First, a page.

Brennan: ‘Deep State’ succession on ropes
By Tom Brennan |
Mayor Ethan Berkowitz has been trying to establish a “deep state” line of succession for the mayor’s job but the effort seems doomed to fail.
The coronavirus pandemic and the many people who are becoming too sick to work raises the question of who runs the city if the mayor and the municipal manager are incapacitated.
The municipal charter doesn’t spell out the line of succession at all, though it is widely assumed that the municipal manager would step in at the mayor’s office until the mayor is able to resume his or her duties.
The issue first came up in February when Mayor Berkowitz was thinking about the earthquake of last November 30, how the charter called for such an emergency to be handled and who would manage it.
One of the unresolved issues was how much time should pass if the mayor became incapacitated before someone is selected as a replacement. Berkowitz submitted a proposed amendment calling for replacement of an incapacitated mayor after 14 days.
It called for the line of succession to go from the mayor to the municipal manager followed by director of the Office of Management and Budget. The job would then fall to, in order of succession, the heads of the various departments with the municipal attorney last in line. The mayor’s proposal also spelled out in detail the responsibilities of the Office of Emergency Management.
Then on May 19, three members of the Assembly, John Weddleton, Felix Rivera and Crystal Kennedy submitted a proposed amendment that modified the timeframes for disaster declarations and filling of jobs left open.
It would obviously take a real catastrophe for the job to fall to anyone near the bottom of that long list, so it’s unlikely that need should arise. But the problem is that the list takes the line of responsibility away from officials elected by the public and gives it to the hired hands.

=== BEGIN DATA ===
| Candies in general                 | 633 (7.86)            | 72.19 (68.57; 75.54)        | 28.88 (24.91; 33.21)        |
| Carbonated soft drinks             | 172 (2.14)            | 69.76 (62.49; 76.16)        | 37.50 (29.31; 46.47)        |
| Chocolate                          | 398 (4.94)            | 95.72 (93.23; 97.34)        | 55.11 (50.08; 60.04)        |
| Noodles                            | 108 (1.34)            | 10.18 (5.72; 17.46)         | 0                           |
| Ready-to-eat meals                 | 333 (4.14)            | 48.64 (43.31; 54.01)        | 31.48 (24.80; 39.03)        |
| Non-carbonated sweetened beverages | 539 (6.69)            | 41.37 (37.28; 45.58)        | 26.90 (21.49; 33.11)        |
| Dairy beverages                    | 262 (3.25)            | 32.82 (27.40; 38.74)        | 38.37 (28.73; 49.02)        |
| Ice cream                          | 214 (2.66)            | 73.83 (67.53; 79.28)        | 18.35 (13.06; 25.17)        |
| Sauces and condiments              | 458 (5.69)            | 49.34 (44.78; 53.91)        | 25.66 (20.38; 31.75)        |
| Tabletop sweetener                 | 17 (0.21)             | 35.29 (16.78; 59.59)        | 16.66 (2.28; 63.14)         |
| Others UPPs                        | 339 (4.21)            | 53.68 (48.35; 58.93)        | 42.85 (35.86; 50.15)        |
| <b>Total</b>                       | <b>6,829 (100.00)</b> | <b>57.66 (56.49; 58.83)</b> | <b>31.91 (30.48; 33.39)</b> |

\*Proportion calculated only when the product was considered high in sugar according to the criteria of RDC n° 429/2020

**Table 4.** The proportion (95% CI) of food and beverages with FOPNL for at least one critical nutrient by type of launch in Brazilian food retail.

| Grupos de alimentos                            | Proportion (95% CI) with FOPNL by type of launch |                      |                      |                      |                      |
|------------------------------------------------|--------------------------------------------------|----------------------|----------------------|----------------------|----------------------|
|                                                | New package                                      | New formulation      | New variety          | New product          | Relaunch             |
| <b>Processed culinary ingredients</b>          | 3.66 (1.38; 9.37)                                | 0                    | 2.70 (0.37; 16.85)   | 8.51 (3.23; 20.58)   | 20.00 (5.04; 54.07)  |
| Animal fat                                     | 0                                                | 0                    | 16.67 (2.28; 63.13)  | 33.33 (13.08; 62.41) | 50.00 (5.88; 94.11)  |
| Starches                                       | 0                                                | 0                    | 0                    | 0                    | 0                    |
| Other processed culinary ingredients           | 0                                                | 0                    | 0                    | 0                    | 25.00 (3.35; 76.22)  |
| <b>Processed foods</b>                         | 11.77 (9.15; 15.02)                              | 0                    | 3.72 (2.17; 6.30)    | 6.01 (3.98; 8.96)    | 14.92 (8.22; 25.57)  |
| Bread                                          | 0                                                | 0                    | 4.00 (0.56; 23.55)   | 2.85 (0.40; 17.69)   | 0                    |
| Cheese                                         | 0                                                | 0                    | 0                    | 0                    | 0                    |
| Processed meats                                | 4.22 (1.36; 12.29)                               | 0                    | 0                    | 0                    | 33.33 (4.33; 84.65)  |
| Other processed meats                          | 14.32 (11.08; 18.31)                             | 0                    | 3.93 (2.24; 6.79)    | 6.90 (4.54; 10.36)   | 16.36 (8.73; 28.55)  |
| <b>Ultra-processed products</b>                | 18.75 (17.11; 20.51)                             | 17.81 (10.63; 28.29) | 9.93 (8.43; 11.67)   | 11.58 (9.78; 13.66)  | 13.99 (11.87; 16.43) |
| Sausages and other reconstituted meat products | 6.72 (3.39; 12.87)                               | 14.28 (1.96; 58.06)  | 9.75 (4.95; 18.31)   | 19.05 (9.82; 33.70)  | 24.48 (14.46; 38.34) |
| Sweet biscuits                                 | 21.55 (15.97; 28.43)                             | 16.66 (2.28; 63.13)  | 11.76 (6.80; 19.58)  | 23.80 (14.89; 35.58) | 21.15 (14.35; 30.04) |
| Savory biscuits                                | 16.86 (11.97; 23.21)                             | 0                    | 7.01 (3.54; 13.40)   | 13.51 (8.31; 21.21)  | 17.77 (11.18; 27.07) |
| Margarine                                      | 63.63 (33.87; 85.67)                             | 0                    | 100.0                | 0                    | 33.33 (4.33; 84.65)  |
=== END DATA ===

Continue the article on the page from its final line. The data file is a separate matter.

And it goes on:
That, folks, is a classic deep state situation in which the inmates are in charge. The hired hands are in a position to make the key decisions on many things, including their own pay and benefits. They are essentially responsible first to their colleagues and, somewhere around the end of the line, to the assembly members and the voters that elected them.
Such an arrangement is a real danger in a democracy, where the key decisions are supposed to be made by elected officials, people responsible to the voters who elected them and who pay the bills for the expenditures they make.
While the issue was on the table, Assemblyman Chris Constant became concerned about the line of succession. Last week he got his colleague John Weddleton to join him in sponsoring a new amendment with the line of succession going from the mayor to the municipal manager, then to the chair of the assembly followed by each member of the assembly based on their time in that position.
The change was adopted by an assembly vote of 9-2, an overwhelming majority of the body recognizing that the city’s key decision-makers need to be responsible to the voters and not to fellow members of the bureaucracy.
The risk that such drastic changes would occur over a short time in municipal government is very low. But the dangers of a bureaucracy becoming ascendant in the city’s power structure can be very great and need to be addressed.
The measure will come to a final vote at the assembly’s August 2 meeting. With 9-2 members supporting it at this point, it seems certain to pass.